Microsoft has changed the way it deploys patches, adding a new twist to an old problem. For many folks, Windows 7 Update scans still take hours—even days. How do you knock your Win7 machine upside the head, so it will find new patches in less than glacial time? We have a new Microsoft-sanctioned approach that only needs to be tempered a little.
Note that, in the new patching paradigm, even those who manually download monthly security patches (“Group B”) still need to use Windows Update, if only for .Net patches, Office patches (for those who don’t have Office Click-to-Run), and other patches that don’t arrive as part of the Security-only Update. See, for example, this month’s KB 3200006 and KB 3199375, for Internet Explorer.
I’ve long talked about “magic” speed-up patches—odd combinations of Microsoft patches that make Win7 Update scans run an order of magnitude faster. Drawing on the experiences of Dalai at wu.krelay.de/en and many characters (EP, ch100, NC, abbodi86) at AskWoody.com, we’ve managed to find combinations that solve the problem, which vary from month to month.
Now, it appears as if we have one “magic” patch to rule them all—and Microsoft has officially endorsed it. There are two fatal flaws, though.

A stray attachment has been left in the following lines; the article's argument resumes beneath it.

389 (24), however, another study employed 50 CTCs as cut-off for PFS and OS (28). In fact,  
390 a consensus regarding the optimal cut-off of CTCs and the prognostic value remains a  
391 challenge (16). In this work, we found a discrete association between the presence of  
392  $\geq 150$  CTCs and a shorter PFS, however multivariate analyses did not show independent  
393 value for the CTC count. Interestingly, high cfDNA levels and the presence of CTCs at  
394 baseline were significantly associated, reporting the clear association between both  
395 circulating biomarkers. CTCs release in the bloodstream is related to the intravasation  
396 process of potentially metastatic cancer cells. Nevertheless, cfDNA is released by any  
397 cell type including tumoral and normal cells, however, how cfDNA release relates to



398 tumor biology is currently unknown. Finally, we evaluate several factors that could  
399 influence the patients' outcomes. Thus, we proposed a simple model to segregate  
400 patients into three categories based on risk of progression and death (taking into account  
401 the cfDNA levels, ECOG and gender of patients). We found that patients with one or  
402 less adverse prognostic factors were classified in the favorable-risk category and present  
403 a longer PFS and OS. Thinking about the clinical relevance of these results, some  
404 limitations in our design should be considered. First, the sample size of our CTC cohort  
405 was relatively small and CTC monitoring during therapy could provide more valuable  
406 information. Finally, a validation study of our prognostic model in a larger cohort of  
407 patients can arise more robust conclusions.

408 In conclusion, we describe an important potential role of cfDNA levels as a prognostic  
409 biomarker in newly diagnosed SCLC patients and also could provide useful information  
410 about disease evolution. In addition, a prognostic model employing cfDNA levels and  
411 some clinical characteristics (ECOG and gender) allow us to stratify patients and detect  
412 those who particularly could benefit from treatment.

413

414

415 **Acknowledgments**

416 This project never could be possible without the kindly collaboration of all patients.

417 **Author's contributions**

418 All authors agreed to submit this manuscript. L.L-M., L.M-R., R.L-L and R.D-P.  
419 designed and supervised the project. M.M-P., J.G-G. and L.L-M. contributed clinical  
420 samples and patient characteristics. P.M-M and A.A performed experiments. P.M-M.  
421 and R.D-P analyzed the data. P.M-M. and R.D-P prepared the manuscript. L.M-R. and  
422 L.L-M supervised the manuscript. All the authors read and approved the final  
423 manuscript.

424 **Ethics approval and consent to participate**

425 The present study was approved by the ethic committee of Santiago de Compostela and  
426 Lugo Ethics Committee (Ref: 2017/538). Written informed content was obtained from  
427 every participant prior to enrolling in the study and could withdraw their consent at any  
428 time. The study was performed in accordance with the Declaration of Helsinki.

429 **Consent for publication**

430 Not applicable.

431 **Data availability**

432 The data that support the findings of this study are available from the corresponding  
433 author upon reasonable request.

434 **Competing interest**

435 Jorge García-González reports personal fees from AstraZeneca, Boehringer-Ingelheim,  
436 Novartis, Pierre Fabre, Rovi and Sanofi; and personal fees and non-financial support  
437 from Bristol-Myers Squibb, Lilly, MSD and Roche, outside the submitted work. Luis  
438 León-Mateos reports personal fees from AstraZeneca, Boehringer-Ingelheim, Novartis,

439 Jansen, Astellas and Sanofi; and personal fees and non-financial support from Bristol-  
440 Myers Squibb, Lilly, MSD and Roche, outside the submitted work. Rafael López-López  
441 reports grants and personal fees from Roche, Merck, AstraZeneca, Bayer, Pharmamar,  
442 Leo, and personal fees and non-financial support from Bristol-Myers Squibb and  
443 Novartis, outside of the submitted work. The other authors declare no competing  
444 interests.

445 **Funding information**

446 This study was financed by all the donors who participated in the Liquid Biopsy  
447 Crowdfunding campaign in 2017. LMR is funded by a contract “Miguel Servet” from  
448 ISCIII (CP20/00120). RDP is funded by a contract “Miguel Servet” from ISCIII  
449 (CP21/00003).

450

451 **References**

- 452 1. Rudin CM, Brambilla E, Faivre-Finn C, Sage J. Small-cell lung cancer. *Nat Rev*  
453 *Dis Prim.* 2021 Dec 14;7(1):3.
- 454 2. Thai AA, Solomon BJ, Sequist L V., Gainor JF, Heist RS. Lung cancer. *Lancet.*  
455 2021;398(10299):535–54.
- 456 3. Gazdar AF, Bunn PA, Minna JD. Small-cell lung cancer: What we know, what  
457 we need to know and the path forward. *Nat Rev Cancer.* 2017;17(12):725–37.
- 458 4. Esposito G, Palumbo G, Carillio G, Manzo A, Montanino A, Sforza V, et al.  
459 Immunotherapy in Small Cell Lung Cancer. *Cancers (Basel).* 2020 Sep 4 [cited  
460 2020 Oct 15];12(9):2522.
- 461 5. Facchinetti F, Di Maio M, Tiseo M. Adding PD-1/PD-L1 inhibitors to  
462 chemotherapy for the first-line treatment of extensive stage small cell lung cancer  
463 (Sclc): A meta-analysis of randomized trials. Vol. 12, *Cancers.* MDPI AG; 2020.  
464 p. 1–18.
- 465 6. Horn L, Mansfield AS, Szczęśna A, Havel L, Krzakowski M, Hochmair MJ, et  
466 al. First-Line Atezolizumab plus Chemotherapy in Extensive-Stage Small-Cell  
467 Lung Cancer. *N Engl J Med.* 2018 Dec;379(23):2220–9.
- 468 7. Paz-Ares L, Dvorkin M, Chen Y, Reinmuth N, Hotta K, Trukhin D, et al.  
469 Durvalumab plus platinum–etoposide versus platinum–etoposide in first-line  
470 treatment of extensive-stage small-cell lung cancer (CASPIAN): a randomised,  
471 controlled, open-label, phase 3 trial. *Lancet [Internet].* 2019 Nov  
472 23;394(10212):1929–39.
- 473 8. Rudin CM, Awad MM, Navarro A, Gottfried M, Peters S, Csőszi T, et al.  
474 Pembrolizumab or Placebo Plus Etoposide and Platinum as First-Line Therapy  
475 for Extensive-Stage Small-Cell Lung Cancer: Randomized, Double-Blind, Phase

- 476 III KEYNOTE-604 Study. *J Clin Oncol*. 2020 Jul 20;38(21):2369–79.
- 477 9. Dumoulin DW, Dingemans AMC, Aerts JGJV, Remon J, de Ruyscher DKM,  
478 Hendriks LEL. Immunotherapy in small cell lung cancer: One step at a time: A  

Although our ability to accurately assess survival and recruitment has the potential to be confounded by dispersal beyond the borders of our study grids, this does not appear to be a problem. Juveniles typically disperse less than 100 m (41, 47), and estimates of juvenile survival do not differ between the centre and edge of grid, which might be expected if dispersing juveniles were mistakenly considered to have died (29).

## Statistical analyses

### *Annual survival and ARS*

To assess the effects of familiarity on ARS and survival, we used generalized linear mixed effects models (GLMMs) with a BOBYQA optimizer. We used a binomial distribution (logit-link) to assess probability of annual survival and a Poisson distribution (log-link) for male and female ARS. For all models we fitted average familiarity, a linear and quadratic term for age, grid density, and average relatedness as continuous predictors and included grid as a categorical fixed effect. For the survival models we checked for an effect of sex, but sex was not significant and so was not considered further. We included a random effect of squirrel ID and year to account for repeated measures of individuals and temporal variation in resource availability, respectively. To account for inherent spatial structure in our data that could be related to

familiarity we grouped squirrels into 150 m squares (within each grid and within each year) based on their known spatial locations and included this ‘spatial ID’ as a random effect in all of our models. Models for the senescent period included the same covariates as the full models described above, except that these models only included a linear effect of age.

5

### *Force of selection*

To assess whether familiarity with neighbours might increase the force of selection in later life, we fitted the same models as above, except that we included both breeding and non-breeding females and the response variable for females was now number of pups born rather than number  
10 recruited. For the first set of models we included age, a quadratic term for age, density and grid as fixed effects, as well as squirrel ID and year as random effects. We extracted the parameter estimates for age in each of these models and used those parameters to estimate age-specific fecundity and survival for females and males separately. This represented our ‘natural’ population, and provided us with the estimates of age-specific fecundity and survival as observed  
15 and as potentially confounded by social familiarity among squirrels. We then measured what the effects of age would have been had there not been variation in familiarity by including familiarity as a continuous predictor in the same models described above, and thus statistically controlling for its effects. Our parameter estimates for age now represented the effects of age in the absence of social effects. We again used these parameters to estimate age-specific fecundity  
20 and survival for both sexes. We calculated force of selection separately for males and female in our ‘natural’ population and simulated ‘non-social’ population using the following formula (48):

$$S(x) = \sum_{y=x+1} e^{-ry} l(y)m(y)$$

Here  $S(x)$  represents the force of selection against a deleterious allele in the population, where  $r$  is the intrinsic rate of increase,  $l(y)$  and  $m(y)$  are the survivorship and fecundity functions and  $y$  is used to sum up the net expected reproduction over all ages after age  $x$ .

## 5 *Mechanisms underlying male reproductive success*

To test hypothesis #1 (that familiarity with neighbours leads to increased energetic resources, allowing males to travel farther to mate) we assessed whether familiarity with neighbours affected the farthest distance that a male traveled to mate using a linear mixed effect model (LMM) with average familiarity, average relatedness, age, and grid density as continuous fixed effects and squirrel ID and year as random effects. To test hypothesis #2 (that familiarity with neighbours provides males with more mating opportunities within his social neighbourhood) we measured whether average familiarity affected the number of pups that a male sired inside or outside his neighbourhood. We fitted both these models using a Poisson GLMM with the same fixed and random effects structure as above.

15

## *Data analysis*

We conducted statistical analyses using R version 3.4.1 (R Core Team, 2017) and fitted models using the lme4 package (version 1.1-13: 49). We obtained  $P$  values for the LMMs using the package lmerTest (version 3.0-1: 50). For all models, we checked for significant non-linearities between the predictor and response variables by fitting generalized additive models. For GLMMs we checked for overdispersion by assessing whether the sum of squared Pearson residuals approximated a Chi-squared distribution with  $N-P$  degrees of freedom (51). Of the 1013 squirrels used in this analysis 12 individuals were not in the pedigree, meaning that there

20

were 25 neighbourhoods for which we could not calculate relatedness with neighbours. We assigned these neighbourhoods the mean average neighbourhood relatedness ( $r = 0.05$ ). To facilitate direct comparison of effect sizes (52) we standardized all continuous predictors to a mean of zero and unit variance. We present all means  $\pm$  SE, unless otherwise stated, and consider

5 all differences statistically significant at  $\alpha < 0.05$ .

The speed-up patch, KB 3172605, is problematic, as I discussed in July. It contains a new version of the Windows Update Agent, which takes minutes instead of hours to figure out which patches are available.
There are two problems with KB 3172605 (“July 2016 update rollup for Windows 7 SP1 and Windows Server 2008 R2 SP1”) that aren’t discussed in the KB article:
- It includes components that aren’t related to the Windows 7 Update scan slowdown problem. If you want to speed up your scans, you have to take all of the update rollup. You can’t pick out the good part.
- It crashes a very common set of Intel Bluetooth drivers.
Intel continues to not fix its Bluetooth drivers for the Intel Centrino Wireless 8260/7265/3165/7260/3160/1030 and Centrino Advanced-N 6230/6235/2230 Bluetooth devices—a big swath of Intel Bluetooth systems (see poohsticks’ firsthand report on AskWoody). Last week, Intel confirmed it had fixed the drivers for its other Bluetooth devices. If you’ve experienced otherwise, please hit me in the comments or over on AskWoody.com.